The difficult issue in this scenario is the intrusion by the government into the lives of private citizens, but for purposes that will purportedly help the general public as much as the individual being intruded upon. Adding to the difficulty is that this requirement is only being levied upon those attending government approved facilities, which are arguably not required to be attended.

Parents in this case seem to have some options, albeit not very attractive options, such as: not use these facilities and keep their children at home, which is not very likely especially if both parents, or a single parent, are/is employed; find non-licensed daycares/preschools for their children, which raises obvious issues of its own; hire in-home care, which has several issues including cost; or, have their child vaccinated, which is problematic for many. Balancing the interests is not easy from a non-legal point of view, but it would seem that the government’s health interests will override those of the individuals. As evidenced by various challenges to smoking bans implemented by states in the past, courts have seemed to side with the overall health interests cited by the state over those of a select class. It would seem that this trend will continue in this case as well.

For the New York Times article, click here.

Sunday, January 4, 2009

Five Favorites from 2008

--Hanna Rosin's reporting for The Atlantic
GetReligion's Terry Mattingly: "Rosin is a liberal’s liberal, when it comes to issues of science, religion and culture, but she is a brutally candid reporter and writer." Rosin's 2007 book God's Harvard was a critical, nuanced account of student experience at the fundamentalist Patrick Henry University in Virginia. Her two stories for The Atlantic this year were November's "A Boy's Life," which Mattingly discusses in the link above, and "American Murder Mystery" from the July/August issue. Both are fantastic pieces, challenging the ideological assumptions and conventional wisdom of both conservatives and liberals while providing first-rate analysis.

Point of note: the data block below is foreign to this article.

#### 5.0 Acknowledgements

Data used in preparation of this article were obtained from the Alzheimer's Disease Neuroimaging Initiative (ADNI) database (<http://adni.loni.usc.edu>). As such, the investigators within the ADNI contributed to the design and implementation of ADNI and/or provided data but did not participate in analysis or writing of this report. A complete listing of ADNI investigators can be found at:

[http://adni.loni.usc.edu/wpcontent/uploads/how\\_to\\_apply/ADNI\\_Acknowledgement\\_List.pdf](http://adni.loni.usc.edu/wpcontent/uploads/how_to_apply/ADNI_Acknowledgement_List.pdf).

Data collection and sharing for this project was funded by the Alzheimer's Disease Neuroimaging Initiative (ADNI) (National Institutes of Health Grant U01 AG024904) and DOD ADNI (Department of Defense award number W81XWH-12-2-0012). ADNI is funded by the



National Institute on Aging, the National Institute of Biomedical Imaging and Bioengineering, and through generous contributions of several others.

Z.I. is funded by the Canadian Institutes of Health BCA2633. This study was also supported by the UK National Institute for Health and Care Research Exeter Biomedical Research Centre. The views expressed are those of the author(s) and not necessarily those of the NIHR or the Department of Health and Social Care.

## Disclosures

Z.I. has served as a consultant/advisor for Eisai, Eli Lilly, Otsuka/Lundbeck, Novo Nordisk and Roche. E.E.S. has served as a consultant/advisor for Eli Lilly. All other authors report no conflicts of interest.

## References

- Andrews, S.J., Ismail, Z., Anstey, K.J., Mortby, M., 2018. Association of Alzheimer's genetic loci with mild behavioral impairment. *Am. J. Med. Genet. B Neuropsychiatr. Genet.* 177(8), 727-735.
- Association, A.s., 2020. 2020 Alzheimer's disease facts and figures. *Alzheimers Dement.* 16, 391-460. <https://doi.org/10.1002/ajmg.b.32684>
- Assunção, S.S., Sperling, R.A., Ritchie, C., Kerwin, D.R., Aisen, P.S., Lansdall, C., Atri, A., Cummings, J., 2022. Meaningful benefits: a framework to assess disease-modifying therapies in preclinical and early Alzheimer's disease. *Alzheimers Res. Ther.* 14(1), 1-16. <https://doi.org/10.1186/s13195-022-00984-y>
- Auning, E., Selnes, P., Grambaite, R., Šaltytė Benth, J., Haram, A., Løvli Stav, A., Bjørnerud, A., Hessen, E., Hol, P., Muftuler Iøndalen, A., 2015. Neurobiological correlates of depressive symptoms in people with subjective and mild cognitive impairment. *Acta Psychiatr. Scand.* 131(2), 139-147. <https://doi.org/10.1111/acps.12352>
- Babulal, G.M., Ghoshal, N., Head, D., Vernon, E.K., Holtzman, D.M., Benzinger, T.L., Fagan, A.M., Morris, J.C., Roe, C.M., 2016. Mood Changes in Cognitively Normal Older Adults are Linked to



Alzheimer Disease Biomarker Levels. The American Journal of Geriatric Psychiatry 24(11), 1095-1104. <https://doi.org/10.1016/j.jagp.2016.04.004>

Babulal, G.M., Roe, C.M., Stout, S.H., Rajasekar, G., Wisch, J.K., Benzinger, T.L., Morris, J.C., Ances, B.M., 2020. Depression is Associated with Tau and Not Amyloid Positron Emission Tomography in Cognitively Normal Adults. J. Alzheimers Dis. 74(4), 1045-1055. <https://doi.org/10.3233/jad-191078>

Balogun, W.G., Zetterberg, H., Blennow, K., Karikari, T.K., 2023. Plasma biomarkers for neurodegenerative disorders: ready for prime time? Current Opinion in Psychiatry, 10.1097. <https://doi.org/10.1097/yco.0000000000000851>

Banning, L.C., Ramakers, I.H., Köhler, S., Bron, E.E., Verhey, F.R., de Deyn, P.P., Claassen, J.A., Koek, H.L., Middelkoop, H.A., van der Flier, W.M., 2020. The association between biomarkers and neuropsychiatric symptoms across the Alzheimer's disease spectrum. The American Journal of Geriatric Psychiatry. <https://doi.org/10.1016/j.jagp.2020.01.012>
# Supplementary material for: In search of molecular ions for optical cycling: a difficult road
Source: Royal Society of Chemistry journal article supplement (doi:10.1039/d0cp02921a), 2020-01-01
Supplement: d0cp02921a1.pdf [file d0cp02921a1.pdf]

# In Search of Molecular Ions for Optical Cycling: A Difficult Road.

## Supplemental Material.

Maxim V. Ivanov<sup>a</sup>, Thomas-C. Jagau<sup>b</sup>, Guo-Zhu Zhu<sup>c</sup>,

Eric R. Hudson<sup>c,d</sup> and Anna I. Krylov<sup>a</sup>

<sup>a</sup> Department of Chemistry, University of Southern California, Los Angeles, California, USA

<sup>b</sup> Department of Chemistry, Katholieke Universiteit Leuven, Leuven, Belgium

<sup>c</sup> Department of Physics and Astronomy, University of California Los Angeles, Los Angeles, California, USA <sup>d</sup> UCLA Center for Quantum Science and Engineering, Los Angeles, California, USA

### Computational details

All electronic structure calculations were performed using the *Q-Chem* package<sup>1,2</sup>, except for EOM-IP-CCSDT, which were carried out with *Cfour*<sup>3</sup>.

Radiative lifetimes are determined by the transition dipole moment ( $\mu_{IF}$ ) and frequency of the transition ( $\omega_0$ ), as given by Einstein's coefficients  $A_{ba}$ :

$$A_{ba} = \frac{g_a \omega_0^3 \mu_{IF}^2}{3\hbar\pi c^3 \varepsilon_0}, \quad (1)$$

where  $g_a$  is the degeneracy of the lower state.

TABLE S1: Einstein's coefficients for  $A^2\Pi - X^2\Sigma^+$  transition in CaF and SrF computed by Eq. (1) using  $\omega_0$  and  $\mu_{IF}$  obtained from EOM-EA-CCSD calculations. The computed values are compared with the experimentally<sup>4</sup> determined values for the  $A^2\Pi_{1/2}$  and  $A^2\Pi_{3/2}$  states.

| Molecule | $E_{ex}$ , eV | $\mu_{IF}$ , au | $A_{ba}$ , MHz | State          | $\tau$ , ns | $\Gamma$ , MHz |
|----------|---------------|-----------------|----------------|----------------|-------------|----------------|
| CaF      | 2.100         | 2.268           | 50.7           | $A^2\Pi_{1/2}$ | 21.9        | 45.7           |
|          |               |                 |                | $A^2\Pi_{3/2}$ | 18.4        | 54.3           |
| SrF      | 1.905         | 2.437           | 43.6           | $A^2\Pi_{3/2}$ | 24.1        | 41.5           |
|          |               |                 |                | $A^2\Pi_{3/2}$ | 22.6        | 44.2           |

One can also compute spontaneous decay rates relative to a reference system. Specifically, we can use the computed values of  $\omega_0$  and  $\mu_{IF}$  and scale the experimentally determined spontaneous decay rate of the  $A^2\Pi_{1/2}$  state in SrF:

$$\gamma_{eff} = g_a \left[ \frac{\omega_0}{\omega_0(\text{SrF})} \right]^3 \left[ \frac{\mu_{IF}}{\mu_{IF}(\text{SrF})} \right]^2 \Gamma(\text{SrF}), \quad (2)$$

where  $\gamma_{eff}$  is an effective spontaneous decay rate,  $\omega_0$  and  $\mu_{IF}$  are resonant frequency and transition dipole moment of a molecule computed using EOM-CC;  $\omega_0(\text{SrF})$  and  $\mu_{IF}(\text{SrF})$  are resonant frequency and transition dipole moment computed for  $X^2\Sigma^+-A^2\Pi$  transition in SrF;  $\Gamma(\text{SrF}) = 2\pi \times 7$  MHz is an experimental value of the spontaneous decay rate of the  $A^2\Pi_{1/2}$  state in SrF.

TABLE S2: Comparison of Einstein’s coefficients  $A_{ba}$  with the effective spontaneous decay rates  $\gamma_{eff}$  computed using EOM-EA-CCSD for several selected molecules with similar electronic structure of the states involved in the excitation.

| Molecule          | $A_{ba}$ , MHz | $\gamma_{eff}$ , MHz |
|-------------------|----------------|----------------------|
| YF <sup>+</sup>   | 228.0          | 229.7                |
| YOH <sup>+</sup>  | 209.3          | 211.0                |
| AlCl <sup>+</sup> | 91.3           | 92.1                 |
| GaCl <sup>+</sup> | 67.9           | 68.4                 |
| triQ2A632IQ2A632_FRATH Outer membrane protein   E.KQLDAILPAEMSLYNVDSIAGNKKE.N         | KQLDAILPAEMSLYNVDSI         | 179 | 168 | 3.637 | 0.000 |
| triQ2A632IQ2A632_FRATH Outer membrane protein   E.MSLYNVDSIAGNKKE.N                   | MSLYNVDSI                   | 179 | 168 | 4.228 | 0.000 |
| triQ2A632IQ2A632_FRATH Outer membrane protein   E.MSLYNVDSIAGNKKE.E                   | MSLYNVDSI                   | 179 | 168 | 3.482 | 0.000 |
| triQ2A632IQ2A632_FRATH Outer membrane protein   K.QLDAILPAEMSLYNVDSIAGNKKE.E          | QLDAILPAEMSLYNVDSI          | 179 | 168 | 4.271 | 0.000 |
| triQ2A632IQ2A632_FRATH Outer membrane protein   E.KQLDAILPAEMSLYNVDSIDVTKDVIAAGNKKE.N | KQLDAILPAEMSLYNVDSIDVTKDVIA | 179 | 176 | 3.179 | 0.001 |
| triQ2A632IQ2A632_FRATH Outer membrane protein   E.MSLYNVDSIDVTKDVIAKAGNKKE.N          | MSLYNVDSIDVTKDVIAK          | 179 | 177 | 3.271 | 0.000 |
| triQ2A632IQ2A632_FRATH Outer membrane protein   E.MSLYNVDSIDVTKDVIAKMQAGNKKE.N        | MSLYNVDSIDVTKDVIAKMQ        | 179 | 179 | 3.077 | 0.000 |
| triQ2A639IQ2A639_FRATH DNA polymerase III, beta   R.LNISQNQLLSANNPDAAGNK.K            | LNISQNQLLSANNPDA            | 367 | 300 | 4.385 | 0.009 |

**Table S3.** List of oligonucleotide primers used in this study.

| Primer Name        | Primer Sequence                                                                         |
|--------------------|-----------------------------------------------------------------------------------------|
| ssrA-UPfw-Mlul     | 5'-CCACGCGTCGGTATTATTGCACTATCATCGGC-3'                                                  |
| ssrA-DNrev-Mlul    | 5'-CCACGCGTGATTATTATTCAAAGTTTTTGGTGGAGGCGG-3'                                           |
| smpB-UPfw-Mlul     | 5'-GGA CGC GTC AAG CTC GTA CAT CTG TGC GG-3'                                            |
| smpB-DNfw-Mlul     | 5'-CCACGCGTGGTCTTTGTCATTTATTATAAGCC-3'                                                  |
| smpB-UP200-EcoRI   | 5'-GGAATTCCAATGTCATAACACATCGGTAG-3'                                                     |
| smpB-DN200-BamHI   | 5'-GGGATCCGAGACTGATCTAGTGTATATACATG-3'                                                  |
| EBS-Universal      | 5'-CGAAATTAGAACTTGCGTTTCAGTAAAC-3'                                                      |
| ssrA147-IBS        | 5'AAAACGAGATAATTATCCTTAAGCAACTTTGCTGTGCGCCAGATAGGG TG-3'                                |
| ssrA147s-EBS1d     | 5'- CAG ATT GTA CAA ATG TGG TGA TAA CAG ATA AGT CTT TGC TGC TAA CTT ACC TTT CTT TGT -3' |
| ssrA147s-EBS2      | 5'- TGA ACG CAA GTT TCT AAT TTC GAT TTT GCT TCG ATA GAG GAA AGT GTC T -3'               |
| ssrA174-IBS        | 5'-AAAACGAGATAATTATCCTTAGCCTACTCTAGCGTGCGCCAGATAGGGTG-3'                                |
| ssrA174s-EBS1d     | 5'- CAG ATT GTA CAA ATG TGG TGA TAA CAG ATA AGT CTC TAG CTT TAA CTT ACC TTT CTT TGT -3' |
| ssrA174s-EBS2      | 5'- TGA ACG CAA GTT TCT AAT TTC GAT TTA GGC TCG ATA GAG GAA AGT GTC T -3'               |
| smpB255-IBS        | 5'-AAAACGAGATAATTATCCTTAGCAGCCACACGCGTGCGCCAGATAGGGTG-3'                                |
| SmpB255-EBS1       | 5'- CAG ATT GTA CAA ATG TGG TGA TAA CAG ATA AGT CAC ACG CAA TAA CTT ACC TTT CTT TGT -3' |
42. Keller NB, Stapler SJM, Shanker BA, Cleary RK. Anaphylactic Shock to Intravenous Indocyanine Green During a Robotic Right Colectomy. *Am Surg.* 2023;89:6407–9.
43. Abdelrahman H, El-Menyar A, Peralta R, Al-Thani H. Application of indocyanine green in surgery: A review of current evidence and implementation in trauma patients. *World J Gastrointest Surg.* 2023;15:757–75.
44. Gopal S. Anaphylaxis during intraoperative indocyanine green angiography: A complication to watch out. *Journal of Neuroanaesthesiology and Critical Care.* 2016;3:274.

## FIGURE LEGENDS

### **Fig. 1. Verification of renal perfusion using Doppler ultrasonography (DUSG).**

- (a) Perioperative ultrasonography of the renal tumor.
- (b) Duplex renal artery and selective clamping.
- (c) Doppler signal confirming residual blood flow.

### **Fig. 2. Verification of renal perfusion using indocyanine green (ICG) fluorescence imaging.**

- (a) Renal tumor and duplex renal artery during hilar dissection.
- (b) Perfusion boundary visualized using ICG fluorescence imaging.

--Mark Silk's blog Spiritual Politics
Spiritual Politics first appeared in October 2007 as an election blog that would seemingly have multiple contributors. But Trinity College professor of religion Mark Silk has provided virtually all of the blog's posts since its inception, and that's been a good thing; his takes on religion and politics during the recent election season were consistently sound and insightful. Even better is that Spiritual Politics will have a post-election presence, as Silk continues to write regular updates.

--Constantine's Sword (documentary)
I have yet to read James Carroll's book Constantine's Sword, and can only imagine how much cutting and editing was necessary to create a documentary based on the seven hundred and fifty-plus page bestseller. Still the documentary makes for compelling viewing, especially as Carroll works through his own Catholic experience in an effort to understand the presence of militarism and anti-Semitism in Christian history. It's far from perfect--the issues Carroll raises require a lot more than ninety minutes of film--but certainly thought-provoking.

--Rightward Bound (eds. Bruce J. Schulman and Julian E. Zelizer) and The Family (by Jeff Sharlet)
Most of the books I read in the past twelve months weren't from 2008, but these two are notable exceptions; I reviewed both for PopMatters (see here and here). Rightward Bound convincingly argues that several factors from the 1970s help explain how conservatism began dominating American politics (and also why it has begun to fail in recent years). In The Family, Sharlet urges readers to reconsider fundamentalism, how religion influences politics, and the basic nature of American political power--a tall order, but one that he acomplishes with strong evidence and prose.

--The Hold Steady's Separation Sunday
There plenty of music I could list here, but the Hold Steady's most recent album is as good of a choice as any, combining several different rock influences into something creative, catchy, and worthy of many, many repeat listens.